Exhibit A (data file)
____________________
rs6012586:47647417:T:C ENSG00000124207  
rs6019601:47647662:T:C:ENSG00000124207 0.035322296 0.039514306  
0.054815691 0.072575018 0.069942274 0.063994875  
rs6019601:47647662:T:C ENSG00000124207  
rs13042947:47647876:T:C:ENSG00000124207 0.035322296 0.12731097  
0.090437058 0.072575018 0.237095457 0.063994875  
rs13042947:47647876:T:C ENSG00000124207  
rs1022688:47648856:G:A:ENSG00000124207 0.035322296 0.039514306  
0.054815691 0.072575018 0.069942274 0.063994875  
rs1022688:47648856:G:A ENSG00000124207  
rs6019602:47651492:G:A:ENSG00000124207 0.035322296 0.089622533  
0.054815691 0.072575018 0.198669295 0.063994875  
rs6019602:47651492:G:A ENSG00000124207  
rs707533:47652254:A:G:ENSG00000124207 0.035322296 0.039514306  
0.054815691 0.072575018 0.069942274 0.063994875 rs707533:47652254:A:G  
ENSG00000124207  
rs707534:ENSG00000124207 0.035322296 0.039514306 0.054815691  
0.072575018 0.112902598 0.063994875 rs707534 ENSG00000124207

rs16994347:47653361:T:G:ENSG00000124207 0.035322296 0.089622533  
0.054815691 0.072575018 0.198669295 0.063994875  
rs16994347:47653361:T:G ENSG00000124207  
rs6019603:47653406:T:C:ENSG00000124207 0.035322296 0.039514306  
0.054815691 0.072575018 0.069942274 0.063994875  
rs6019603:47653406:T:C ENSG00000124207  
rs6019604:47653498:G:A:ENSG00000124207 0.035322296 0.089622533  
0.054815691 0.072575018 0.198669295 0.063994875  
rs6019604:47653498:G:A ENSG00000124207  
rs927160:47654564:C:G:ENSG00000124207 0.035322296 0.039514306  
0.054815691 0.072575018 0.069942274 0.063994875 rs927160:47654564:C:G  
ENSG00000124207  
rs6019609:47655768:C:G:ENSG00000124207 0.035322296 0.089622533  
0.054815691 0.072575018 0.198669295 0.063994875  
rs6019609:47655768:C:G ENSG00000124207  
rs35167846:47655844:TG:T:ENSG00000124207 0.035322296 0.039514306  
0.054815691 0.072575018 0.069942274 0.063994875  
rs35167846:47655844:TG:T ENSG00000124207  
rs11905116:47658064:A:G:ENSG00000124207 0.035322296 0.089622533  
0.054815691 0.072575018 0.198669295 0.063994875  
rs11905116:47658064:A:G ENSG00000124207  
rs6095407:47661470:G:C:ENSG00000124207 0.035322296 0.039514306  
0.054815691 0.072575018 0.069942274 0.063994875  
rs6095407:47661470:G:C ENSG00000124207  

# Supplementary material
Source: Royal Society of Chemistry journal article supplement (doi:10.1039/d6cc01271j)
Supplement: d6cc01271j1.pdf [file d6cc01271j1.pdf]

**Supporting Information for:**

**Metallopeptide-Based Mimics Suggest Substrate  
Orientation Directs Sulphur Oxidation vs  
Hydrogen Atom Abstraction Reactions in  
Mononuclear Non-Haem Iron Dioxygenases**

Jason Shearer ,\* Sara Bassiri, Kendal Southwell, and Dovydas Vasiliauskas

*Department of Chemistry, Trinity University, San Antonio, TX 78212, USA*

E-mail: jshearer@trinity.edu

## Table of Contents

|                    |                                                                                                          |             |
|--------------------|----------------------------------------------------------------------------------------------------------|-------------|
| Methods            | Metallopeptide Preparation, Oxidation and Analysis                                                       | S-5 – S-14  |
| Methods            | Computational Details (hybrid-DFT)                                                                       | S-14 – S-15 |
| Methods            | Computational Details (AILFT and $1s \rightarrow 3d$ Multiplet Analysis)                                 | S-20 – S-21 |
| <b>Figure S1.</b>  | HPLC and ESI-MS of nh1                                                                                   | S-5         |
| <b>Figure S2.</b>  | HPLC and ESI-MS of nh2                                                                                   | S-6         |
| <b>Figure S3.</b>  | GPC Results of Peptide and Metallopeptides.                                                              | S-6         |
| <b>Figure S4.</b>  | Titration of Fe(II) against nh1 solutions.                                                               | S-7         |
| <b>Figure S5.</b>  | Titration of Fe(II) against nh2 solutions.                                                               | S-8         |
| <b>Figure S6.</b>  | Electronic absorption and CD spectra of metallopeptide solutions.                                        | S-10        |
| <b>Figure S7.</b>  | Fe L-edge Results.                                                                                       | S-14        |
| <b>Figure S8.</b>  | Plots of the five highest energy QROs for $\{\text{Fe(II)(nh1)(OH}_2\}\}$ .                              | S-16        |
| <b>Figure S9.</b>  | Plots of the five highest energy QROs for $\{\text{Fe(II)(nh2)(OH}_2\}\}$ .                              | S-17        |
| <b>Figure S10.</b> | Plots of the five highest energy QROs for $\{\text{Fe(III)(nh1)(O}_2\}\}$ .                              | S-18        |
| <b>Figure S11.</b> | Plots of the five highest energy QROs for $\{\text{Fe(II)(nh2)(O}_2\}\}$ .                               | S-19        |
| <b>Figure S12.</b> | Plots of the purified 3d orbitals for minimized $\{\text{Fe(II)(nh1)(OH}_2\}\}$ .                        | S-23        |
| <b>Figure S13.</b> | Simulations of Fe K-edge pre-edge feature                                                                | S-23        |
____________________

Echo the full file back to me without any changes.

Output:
rs6012586:47647417:T:C ENSG00000124207  
rs6019601:47647662:T:C:ENSG00000124207 0.035322296 0.039514306  
0.054815691 0.072575018 0.069942274 0.063994875  
rs6019601:47647662:T:C ENSG00000124207  
rs13042947:47647876:T:C:ENSG00000124207 0.035322296 0.12731097  
0.090437058 0.072575018 0.237095457 0.063994875  
rs13042947:47647876:T:C ENSG00000124207  
rs1022688:47648856:G:A:ENSG00000124207 0.035322296 0.039514306  
0.054815691 0.072575018 0.069942274 0.063994875  
rs1022688:47648856:G:A ENSG00000124207  
rs6019602:47651492:G:A:ENSG00000124207 0.035322296 0.089622533  
0.054815691 0.072575018 0.198669295 0.063994875  
rs6019602:47651492:G:A ENSG00000124207  
rs707533:47652254:A:G:ENSG00000124207 0.035322296 0.039514306  
0.054815691 0.072575018 0.069942274 0.063994875 rs707533:47652254:A:G  
ENSG00000124207  
rs707534:ENSG00000124207 0.035322296 0.039514306 0.054815691  
0.072575018 0.112902598 0.063994875 rs707534 ENSG00000124207

rs16994347:47653361:T:G:ENSG00000124207 0.035322296 0.089622533  
0.054815691 0.072575018 0.198669295 0.063994875  
rs16994347:47653361:T:G ENSG00000124207  
rs6019603:47653406:T:C:ENSG00000124207 0.035322296 0.039514306  
0.054815691 0.072575018 0.069942274 0.063994875  
rs6019603:47653406:T:C ENSG00000124207  
rs6019604:47653498:G:A:ENSG00000124207 0.035322296 0.089622533  
0.054815691 0.072575018 0.198669295 0.063994875  
rs6019604:47653498:G:A ENSG00000124207  
rs927160:47654564:C:G:ENSG00000124207 0.035322296 0.039514306  
0.054815691 0.072575018 0.069942274 0.063994875 rs927160:47654564:C:G  
ENSG00000124207  
rs6019609:47655768:C:G:ENSG00000124207 0.035322296 0.089622533  
0.054815691 0.072575018 0.198669295 0.063994875  
rs6019609:47655768:C:G ENSG00000124207  
rs35167846:47655844:TG:T:ENSG00000124207 0.035322296 0.039514306  
0.054815691 0.072575018 0.069942274 0.063994875  
rs35167846:47655844:TG:T ENSG00000124207  
rs11905116:47658064:A:G:ENSG00000124207 0.035322296 0.089622533  
0.054815691 0.072575018 0.198669295 0.063994875  
rs11905116:47658064:A:G ENSG00000124207  
rs6095407:47661470:G:C:ENSG00000124207 0.035322296 0.039514306  
0.054815691 0.072575018 0.069942274 0.063994875  
rs6095407:47661470:G:C ENSG00000124207  

# Supplementary material
Source: Royal Society of Chemistry journal article supplement (doi:10.1039/d6cc01271j)
Supplement: d6cc01271j1.pdf [file d6cc01271j1.pdf]

**Supporting Information for:**

**Metallopeptide-Based Mimics Suggest Substrate  
Orientation Directs Sulphur Oxidation vs  
Hydrogen Atom Abstraction Reactions in  
Mononuclear Non-Haem Iron Dioxygenases**

Jason Shearer ,\* Sara Bassiri, Kendal Southwell, and Dovydas Vasiliauskas

*Department of Chemistry, Trinity University, San Antonio, TX 78212, USA*

E-mail: jshearer@trinity.edu

## Table of Contents

|                    |                                                                                                          |             |
|--------------------|----------------------------------------------------------------------------------------------------------|-------------|
| Methods            | Metallopeptide Preparation, Oxidation and Analysis                                                       | S-5 – S-14  |
| Methods            | Computational Details (hybrid-DFT)                                                                       | S-14 – S-15 |
| Methods            | Computational Details (AILFT and $1s \rightarrow 3d$ Multiplet Analysis)                                 | S-20 – S-21 |
| <b>Figure S1.</b>  | HPLC and ESI-MS of nh1                                                                                   | S-5         |
| <b>Figure S2.</b>  | HPLC and ESI-MS of nh2                                                                                   | S-6         |
| <b>Figure S3.</b>  | GPC Results of Peptide and Metallopeptides.                                                              | S-6         |
| <b>Figure S4.</b>  | Titration of Fe(II) against nh1 solutions.                                                               | S-7         |
| <b>Figure S5.</b>  | Titration of Fe(II) against nh2 solutions.                                                               | S-8         |
| <b>Figure S6.</b>  | Electronic absorption and CD spectra of metallopeptide solutions.                                        | S-10        |
| <b>Figure S7.</b>  | Fe L-edge Results.                                                                                       | S-14        |
| <b>Figure S8.</b>  | Plots of the five highest energy QROs for $\{\text{Fe(II)(nh1)(OH}_2\}\}$ .                              | S-16        |
| <b>Figure S9.</b>  | Plots of the five highest energy QROs for $\{\text{Fe(II)(nh2)(OH}_2\}\}$ .                              | S-17        |
| <b>Figure S10.</b> | Plots of the five highest energy QROs for $\{\text{Fe(III)(nh1)(O}_2\}\}$ .                              | S-18        |
| <b>Figure S11.</b> | Plots of the five highest energy QROs for $\{\text{Fe(II)(nh2)(O}_2\}\}$ .                               | S-19        |
| <b>Figure S12.</b> | Plots of the purified 3d orbitals for minimized $\{\text{Fe(II)(nh1)(OH}_2\}\}$ .                        | S-23        |
| <b>Figure S13.</b> | Simulations of Fe K-edge pre-edge feature                                                                | S-23        |